My Black Son is a Baby, But He Won’t Always Be

May 3, 2021AK Neer

(Reposted with permission from

Being Black in America is its own journey within the journey of just being human, living and discovering who you really are on a soul level. Then there’s being Black and Jewish. And then there’s being Black, Jewish, married to a white Jew, and having bi-ethnic Jewish kids. It’s another journey, not an easy one at times, and instead of getting easier as I get older, we seem to be facing more challenges. Instead of the world progressing from the times, attitudes, behaviors, and events of the Civil Rights movement of the 60s, there’s a regression happening that puts me and my family in danger. They say that sometimes you have to take a step back to go forward. Perhaps this is that step back. A deadly step, but maybe meant to serve as a catalyst for real change and growth? I’ve always believed in divine timing and order, and I pray this is all a part of that. 

I have three children, the first two are cis-gendered females, and the third is our little boy, born in November 2020 — Aryeh Mordechai. Race and religion are subjects we discuss fairly often as a family, as we live in the suburbs of Atlanta in an area where there aren’t many Blacks or Jews. We’re surrounded primarily by white Christian folk, with a heavy sprinkling of Indians and Muslims. And though we’ve found our tribe in the years since relocating here, we have one Black neighbor and no Jewish neighbors in our fairly large subdivision. And of course almost every time we turn on the news, another Black person has been shot or killed or another swastika has been painted on a building. My children see very few people who look like them in school, have to miss school for Jewish holidays, and it’s yet another journey I have to take with them as they find their place in this world. 

The shooting of Daunte Wright hit me in a different way than ALL the other senseless shootings of Black men and women — cis and trans. Not deeper or more meaningful, but different. You see, the first news video I saw about the shooting was from his mom, and the difference in that video and the many that I’d seen before it, was that his mom was white, but her son was not.

When we had Aryeh, one of the discussions my husband and I had, and will continue to have to have, is that he’s not raising a “mixed” son, or a Jewish son, he’s raising a Black son. Though he might be bi-ethnic and Jewish, as he grows, (future gender identity aside) the world will see him as a Black man. And if the world then is the same as the world now, that puts him in a risk category all its own.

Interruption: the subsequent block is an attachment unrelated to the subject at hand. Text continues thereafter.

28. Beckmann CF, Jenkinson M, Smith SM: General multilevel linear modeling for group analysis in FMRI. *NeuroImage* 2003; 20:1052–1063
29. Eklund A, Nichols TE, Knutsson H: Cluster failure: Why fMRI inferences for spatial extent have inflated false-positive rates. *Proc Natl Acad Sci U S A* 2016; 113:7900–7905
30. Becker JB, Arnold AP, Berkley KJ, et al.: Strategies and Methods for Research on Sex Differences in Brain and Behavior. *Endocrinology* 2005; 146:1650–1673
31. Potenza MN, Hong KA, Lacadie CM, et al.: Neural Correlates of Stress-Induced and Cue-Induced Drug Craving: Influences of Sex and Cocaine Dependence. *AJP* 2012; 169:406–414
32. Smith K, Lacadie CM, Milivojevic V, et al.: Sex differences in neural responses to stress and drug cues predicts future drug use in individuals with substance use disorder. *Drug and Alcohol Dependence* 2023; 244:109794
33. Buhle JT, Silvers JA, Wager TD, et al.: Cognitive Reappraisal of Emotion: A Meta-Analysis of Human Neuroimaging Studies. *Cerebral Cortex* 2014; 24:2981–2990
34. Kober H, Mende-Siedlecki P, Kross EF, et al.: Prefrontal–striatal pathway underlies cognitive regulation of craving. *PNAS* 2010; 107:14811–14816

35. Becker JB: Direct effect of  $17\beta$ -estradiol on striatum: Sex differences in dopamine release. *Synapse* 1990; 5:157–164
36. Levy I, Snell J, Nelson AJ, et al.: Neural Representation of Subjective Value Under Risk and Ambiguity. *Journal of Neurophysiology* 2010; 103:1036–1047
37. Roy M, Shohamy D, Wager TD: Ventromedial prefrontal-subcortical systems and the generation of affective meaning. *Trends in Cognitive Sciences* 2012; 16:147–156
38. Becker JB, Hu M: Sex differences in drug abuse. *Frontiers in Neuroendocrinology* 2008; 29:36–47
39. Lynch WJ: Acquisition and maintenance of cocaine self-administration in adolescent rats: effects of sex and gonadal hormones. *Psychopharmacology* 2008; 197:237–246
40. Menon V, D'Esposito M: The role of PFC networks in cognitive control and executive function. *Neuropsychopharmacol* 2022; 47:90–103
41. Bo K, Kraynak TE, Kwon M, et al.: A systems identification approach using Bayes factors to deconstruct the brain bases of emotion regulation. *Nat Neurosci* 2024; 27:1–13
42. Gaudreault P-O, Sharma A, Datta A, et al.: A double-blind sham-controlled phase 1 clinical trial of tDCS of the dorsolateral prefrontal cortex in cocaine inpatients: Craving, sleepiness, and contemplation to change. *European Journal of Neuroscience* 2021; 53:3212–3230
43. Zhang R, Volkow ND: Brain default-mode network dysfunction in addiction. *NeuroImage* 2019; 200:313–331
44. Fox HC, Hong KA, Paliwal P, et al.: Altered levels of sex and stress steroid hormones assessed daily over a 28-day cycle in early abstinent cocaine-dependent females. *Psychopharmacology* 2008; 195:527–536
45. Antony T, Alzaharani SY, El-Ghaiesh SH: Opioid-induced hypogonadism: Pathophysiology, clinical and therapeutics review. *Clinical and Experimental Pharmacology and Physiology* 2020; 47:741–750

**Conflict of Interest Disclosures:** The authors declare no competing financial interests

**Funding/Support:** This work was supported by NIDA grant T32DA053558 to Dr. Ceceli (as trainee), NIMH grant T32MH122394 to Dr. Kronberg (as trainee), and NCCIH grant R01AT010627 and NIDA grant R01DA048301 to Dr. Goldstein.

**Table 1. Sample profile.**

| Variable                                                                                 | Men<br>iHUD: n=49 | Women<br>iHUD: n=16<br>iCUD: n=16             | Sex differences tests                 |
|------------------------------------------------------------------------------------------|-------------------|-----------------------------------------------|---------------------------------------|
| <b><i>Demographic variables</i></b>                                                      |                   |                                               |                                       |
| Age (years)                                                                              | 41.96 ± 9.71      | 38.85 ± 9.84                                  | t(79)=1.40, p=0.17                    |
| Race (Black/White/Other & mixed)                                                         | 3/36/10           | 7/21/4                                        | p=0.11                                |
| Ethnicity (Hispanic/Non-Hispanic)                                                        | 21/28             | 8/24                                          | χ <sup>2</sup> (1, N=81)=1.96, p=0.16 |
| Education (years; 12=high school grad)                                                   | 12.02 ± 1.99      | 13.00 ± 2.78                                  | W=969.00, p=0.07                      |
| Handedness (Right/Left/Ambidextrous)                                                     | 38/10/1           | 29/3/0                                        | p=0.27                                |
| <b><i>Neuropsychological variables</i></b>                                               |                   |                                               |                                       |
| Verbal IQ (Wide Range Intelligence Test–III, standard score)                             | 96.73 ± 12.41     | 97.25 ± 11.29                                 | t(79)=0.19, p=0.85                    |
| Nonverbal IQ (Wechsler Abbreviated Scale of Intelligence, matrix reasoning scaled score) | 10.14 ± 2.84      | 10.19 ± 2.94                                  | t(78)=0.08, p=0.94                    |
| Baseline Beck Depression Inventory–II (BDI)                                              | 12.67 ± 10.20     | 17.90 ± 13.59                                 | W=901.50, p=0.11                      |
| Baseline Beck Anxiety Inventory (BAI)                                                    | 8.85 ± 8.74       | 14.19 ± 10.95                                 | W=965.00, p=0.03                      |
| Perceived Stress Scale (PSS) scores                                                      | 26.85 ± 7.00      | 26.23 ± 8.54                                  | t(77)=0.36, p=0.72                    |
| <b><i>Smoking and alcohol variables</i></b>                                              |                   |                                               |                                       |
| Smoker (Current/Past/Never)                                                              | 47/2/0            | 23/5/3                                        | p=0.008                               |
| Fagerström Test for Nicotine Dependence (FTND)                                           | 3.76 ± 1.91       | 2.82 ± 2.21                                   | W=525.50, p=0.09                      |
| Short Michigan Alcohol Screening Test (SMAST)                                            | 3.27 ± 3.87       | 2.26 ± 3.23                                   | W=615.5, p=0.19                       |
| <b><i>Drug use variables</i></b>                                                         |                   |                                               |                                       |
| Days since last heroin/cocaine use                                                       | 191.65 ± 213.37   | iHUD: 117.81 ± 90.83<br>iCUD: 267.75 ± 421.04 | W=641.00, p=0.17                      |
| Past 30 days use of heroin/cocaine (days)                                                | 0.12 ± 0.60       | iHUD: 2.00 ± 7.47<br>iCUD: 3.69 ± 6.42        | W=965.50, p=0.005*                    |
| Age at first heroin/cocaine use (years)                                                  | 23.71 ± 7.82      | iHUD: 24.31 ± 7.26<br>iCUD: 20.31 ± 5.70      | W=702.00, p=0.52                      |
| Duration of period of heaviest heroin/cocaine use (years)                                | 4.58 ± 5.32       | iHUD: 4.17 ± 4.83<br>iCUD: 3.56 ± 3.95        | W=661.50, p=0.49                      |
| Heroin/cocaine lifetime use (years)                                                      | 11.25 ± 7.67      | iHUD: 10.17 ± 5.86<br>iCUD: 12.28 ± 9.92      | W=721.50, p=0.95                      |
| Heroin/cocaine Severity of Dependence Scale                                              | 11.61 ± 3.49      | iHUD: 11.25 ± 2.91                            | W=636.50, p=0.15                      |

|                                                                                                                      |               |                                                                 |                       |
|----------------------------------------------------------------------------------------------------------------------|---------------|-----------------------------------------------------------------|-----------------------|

Aryeh means lion. All of his names were given with intention and meaning. As far as the significance of lions; they are seen as a symbol of strength, power, courage, and even majesty. We had a serious health scare when he was 2 days old (turned out to be nothing, he’s perfectly healthy), but I kept saying to him, “Remember, you’re a lion.” 

With the shooting of Duante Wright, that imagery took on a different meaning. When lions are cubs, the world sees them as these cute little creatures, and you get the “ooooohs” and “awwwwws” at their cuteness and the innocence of being cubs. But when they grow into adults, not even adults, but teens, with just a sprouting of their manes; they often incite fear and panic based on assumptions of their nature. And I wonder if that is the plight of my son as he grows. Will he grow and be seen as a human, just a human, with strength, power, courage, and majesty; treated with respect and humanity — or will he be seen as a threat, someone to fear and cause panic because he’s blessed with melanin and may likely wear a Star of David pendant on his necklace like I do? 

The answer remains to be seen, but it will remain the latter if society as we know it doesn’t change. These aren’t thoughts I thought I’d have now, thoughts and discussions echoed by my own Black family since before I was born almost 40 years ago and before my mother was born 70 years ago. Discussions every Black family has to have with their Black youth. 

Systemic racism is a thing. If you don’t believe it is, that's because you haven’t been on the receiving end of that racism and you’ve been raised within that system so deeply that you can’t see there’s something wrong with it. 

The officer responsible for George Floyd’s death was found guilty on all three charges. The media kept calling that justice. But it’s not. It’s accountability. And it’s only the first step in the journey of making this world a better place for my children; a world where my children have a chance to grow into adults. The system doesn’t need to be reformed; it was built on a foundation of racism, homophobia, transphobia, and overall xenophobia. The system needs to be dismantled and rebuilt — and it needs to happen now.

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